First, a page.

Which can't be said for the film as a whole. The residents of Fish Tank's estate do nothing but torment each other for two hours and after such a length of time, getting beaten into submission by Andrea Arnold's bleak vision of life down South, the ending offers little extra hope.

Not that it feels unnecessarily downbeat for the sake of effect - it just feels real. You'll come through at the end, exhausted, but knowing you've watched one of the best films of the past few years. If you have any interest in British cinema, watch this film as soon as possible.
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Re: Fish Tank DVD reviews

Post by Admin on Sat Mar 20, 2010 12:54 am

http://www.t5m.com/chris-sullivan/cinephile-invictus-cloudy-with-a-chance-of-meatballs-and-fishtank.html?fmt=news

Another film that looks at the machinations of the family unit, this time a Thames estuary unmarried mum, her older chav daughter and her younger sibling is Fishtank. Directed by Andrea Arnold it stars the quite excellent Kate Jarvis as Mia the older daughter and Michael Fassbender as Connor her ma’s boyfriend who seduces her – genius.
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Re: Fish Tank DVD reviews

Post by Admin on Sun Apr 25, 2010 11:59 pm

http://www.dvdoutsider.co.uk/bluray/reviews/f/fish_tank_br.html

Sink or swim
A UK region B Blu-ray review of FISH TANK by L.K. Weston
"The thing about the film industry is that it's all incredibly
middle-class, isn't it? The people that who look at it and study
it and talk about it – write about it – are middle-class, so they
always see films about the working-class as being grim,
because the people in the film don't have what they have.
I very much get the feeling I'm seeing a different place."
Andrea Arnold in Sight and Sound magazine, 2009

When I first read that quote by writer-director Andrea Arnold, before many of her award circuit triumphs, when the buzz surrounding her second film, Fish Tank was already gaining a fair amount of momentum, I remember being incredibly annoyed by it as if it were a personal attack, as if she were speaking to me and me alone. I thought it to be a rather sweeping generalisation, and one that I don't entirely agree with. However, as I read the rest of the article, and considered her opening statement further, I realised what she was actually talking about was the mindset people bring to viewing social realist cinema. It's as rigid and conformist as the boundaries of cinematic frame (more on that later). The words 'gritty' and 'grim' are practically engrained into the brain of every film student, academic and journalist the world over as a shorthand, and for the majority of films, an accurate description of what we see on screen.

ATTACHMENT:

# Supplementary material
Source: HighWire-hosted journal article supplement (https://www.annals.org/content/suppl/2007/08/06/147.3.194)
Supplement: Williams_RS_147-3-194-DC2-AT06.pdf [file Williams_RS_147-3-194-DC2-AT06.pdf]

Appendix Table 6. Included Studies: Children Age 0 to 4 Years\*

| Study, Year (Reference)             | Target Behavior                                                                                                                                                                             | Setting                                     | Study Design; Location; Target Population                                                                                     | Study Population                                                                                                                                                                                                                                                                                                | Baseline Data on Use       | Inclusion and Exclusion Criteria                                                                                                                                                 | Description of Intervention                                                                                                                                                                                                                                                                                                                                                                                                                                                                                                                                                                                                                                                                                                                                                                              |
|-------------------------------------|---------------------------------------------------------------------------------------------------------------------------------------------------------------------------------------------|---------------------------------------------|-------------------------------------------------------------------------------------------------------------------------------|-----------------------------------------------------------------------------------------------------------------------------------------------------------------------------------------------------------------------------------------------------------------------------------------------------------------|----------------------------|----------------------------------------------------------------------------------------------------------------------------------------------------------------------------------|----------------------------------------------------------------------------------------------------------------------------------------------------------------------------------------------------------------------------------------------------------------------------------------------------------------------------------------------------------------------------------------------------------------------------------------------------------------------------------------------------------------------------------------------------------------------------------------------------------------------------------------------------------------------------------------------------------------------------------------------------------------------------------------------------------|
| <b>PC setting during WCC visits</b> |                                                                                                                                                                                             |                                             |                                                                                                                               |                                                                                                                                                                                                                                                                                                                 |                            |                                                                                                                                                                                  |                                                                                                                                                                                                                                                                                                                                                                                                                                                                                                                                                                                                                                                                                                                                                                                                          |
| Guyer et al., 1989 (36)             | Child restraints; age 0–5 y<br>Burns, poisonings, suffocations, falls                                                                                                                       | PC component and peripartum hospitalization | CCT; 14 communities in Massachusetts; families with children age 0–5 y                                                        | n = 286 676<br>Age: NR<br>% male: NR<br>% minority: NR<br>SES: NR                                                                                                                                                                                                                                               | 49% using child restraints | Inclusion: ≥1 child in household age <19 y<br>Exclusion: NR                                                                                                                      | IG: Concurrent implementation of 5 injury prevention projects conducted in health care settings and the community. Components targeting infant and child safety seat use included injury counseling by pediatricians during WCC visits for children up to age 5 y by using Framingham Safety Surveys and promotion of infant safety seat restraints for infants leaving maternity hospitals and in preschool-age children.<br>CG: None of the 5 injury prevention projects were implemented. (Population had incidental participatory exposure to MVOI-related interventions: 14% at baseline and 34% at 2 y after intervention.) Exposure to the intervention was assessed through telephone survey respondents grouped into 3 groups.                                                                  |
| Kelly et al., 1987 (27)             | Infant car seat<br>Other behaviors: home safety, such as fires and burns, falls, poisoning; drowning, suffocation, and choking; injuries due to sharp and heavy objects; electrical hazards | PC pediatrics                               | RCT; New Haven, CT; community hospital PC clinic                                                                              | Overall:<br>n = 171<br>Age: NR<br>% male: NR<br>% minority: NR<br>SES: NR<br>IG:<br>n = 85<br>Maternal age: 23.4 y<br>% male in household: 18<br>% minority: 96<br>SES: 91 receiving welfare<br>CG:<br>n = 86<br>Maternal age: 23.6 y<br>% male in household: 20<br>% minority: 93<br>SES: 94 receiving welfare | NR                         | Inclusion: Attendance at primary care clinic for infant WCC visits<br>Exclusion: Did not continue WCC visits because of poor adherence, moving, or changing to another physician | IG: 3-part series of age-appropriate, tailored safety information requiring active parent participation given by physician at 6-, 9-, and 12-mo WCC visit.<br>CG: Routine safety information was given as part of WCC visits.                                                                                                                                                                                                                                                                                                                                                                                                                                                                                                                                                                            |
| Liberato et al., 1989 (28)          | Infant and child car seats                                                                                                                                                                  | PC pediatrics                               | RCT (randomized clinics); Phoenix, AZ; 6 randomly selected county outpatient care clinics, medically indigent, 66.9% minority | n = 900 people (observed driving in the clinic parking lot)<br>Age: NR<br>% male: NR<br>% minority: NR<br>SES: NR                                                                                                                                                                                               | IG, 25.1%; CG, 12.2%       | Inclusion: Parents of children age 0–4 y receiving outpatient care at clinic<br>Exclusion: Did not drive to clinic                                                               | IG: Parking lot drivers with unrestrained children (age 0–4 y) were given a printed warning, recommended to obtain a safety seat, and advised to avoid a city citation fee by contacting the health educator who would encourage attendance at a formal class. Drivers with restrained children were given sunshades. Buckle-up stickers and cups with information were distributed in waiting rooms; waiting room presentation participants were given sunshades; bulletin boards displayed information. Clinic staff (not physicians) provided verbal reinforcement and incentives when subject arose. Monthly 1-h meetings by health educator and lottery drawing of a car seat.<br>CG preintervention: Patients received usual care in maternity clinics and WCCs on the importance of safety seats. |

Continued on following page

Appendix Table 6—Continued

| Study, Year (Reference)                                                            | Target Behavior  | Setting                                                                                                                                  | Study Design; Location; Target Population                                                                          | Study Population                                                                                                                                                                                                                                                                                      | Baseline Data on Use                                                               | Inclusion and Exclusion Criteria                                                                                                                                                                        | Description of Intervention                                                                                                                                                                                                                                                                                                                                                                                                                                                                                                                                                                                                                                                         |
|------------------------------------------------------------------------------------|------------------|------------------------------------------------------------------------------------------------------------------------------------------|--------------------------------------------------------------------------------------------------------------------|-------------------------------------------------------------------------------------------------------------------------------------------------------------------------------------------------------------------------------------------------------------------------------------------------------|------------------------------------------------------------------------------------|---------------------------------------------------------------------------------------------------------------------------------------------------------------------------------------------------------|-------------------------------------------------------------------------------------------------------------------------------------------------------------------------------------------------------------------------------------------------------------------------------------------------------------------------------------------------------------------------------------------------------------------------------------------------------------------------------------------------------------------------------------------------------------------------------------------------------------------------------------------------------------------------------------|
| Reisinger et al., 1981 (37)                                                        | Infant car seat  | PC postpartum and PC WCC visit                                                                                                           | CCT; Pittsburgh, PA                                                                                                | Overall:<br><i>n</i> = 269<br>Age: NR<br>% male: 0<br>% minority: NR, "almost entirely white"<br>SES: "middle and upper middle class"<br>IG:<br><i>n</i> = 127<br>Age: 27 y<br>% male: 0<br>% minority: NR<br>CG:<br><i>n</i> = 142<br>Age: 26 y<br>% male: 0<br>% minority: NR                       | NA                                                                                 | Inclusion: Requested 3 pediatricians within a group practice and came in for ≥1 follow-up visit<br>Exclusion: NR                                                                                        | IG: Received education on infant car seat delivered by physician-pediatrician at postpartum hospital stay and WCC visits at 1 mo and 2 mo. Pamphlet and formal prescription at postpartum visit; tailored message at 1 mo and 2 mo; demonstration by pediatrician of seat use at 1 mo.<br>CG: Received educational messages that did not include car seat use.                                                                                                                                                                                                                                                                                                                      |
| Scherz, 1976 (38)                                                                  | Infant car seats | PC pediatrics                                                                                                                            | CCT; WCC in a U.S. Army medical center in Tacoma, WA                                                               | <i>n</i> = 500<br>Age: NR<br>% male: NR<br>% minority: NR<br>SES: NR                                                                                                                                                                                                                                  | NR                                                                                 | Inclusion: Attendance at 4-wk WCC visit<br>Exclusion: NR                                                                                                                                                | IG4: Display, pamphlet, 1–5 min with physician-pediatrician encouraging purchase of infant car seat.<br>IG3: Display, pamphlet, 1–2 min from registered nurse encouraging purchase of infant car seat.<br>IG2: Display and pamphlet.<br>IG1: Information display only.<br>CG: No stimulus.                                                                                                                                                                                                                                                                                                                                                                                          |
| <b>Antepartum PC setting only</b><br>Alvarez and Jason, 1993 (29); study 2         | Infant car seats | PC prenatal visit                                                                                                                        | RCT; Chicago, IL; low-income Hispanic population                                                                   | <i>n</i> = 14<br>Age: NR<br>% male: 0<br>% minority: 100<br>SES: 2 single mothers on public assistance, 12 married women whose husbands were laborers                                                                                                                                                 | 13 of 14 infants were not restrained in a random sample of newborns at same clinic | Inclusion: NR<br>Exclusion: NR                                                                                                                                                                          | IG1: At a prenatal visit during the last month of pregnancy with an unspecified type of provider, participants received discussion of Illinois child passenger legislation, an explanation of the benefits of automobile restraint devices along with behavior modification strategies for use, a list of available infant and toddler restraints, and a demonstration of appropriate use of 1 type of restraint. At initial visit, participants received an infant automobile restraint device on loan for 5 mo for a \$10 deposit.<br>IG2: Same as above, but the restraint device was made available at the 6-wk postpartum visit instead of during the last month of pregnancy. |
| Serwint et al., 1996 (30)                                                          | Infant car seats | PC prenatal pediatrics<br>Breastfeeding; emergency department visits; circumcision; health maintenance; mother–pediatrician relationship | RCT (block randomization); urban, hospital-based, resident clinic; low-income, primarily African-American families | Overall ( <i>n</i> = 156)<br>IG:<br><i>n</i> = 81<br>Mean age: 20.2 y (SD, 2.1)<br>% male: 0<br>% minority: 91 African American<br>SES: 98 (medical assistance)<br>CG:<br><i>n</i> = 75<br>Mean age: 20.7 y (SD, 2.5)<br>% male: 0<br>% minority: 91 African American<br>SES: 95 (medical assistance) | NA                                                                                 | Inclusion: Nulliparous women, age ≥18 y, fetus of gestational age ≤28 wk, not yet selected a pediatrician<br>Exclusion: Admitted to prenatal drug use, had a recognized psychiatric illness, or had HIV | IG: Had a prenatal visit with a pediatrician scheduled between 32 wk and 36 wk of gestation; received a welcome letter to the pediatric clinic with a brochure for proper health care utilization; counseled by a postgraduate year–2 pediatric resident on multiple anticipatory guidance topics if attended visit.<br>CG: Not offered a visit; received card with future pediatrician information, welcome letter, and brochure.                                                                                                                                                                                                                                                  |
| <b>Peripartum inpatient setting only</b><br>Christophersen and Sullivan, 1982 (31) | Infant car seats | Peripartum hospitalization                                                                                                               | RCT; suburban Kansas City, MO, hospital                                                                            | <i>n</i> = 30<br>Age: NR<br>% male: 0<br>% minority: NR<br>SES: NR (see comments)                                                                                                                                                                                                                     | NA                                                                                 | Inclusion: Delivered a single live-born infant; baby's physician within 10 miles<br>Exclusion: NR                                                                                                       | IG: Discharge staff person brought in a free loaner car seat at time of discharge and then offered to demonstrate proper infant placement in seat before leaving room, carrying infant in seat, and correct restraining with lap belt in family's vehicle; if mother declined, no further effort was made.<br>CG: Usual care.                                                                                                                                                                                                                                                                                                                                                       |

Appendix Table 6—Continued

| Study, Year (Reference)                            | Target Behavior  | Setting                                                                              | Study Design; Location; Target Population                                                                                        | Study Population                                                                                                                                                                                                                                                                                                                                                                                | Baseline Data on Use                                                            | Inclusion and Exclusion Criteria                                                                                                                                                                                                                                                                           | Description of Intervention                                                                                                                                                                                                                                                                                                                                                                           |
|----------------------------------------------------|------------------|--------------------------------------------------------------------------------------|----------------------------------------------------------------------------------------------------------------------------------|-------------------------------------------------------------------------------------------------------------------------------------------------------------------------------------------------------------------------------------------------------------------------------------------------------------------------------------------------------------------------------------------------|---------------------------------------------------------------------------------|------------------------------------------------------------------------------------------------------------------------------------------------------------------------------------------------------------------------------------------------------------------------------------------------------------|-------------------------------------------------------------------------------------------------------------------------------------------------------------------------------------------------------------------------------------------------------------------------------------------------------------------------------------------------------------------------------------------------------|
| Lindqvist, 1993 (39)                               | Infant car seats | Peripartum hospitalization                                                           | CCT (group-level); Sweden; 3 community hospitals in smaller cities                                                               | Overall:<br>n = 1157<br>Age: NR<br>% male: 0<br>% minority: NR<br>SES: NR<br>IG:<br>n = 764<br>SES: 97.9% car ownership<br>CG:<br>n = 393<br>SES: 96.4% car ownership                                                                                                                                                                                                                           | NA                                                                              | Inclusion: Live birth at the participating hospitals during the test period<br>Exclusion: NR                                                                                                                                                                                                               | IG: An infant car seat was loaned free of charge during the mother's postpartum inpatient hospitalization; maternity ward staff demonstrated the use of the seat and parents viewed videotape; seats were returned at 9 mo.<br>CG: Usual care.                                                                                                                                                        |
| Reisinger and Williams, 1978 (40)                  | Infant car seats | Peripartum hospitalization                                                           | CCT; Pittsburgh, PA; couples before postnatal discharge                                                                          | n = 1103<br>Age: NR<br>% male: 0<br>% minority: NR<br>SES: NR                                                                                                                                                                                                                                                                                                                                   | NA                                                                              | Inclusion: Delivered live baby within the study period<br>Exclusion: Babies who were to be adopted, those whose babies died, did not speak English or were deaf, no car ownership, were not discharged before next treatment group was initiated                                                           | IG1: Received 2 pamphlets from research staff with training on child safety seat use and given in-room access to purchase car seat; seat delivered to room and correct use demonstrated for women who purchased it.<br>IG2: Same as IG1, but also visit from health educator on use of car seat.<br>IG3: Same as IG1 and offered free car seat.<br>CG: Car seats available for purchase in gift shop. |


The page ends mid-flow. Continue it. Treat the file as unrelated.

There are, of course, exceptions to this rod of iron rule, and, intriguingly enough, they've only emerged within the last decade in the shape of films work by Lynne Ramsey – there are shades of Ratcatcher and Movern Callar both in Fish Tank – Andrea Arnold herself, and latterly, Samantha Morton's directorial debut, The Unloved, all proof, that even if it isn't always acknowledged – films are ether referred to by their sameness or their difference to something else: to compare is human – that genre does indeed evolve. Looking at that list, you might be wondering if I consider this to be a feminised trait that only a female director could bring that kind of light touch to the material, but that in turn applies that all male directors are heavy-handed and clumsy. Making a judgment like that discounts – to use an in-keeping example – the sublime moments that exist in films such as Pawel Pawlikowski's My Summer of Love. In fact, it's a lot like Arnold's statement about the middle-class dominance within the film industry, it's a reductive one. What's closer to the truth in the case of all these directors, is, as Arnold freely states, they 'see differently.'

And what do we 'see' exactly?

Though Arnold's film might belong to a large milieu – it's Britain's dominant mode of filmmaking after all – Fish Tank isn't anything like other social realist films I've seen, and I've seen a fair amount. On paper, it looks like conventional character-driven coming-of-age tale, set against an urban backdrop, and pushing all the right buttons in regard to honesty and authenticity.

So far, so well-trodden.

I went into this film having read of the continual comparisons to Leigh and Loach, and expected something along the lines of Loach's Sweet Sixteen with a feminine slant and a London accent. I braced myself for the following: bleakness, hopelessness, rainy skies, muddy fields, dark street corners, gangs of kids drinking, smoking and generally doing far too much far too young, pandering to every possible negative stereotype, stoking the tabloidal fires of mass moral panic. If like I, you're expecting to see a carbon-copy of all that's gone before; another dour, listless take on adolescent struggle then you're in for a surprise. A big surprise.

What I got was something fresh and uncompromising, with sunny skies to boot. Never has an Essex estate looked so pretty. It's not pretty in the chocolate box, English Heritage, postcard way, more pretty in the way that you can see beauty in your surroundings when it's sunny and have a natural affection for where you grew up, because it's familiar to you, because it's all you know and all you are at once. Sure, high-rises, from the outside at least, are grey and soulless, but inside, it's bright and lively – in the same way that Happy-Go-Lucky has that extraordinary bright palette, though here slightly more muted, in-keeping with the general feel of the film – just like the people that live in them. Yes, they struggle, and live in what most people would describe as poverty, but Arnold never once makes us feel pity for them because of that. Anything we do feel for these characters comes out of their experiences and actions, rather than their environment.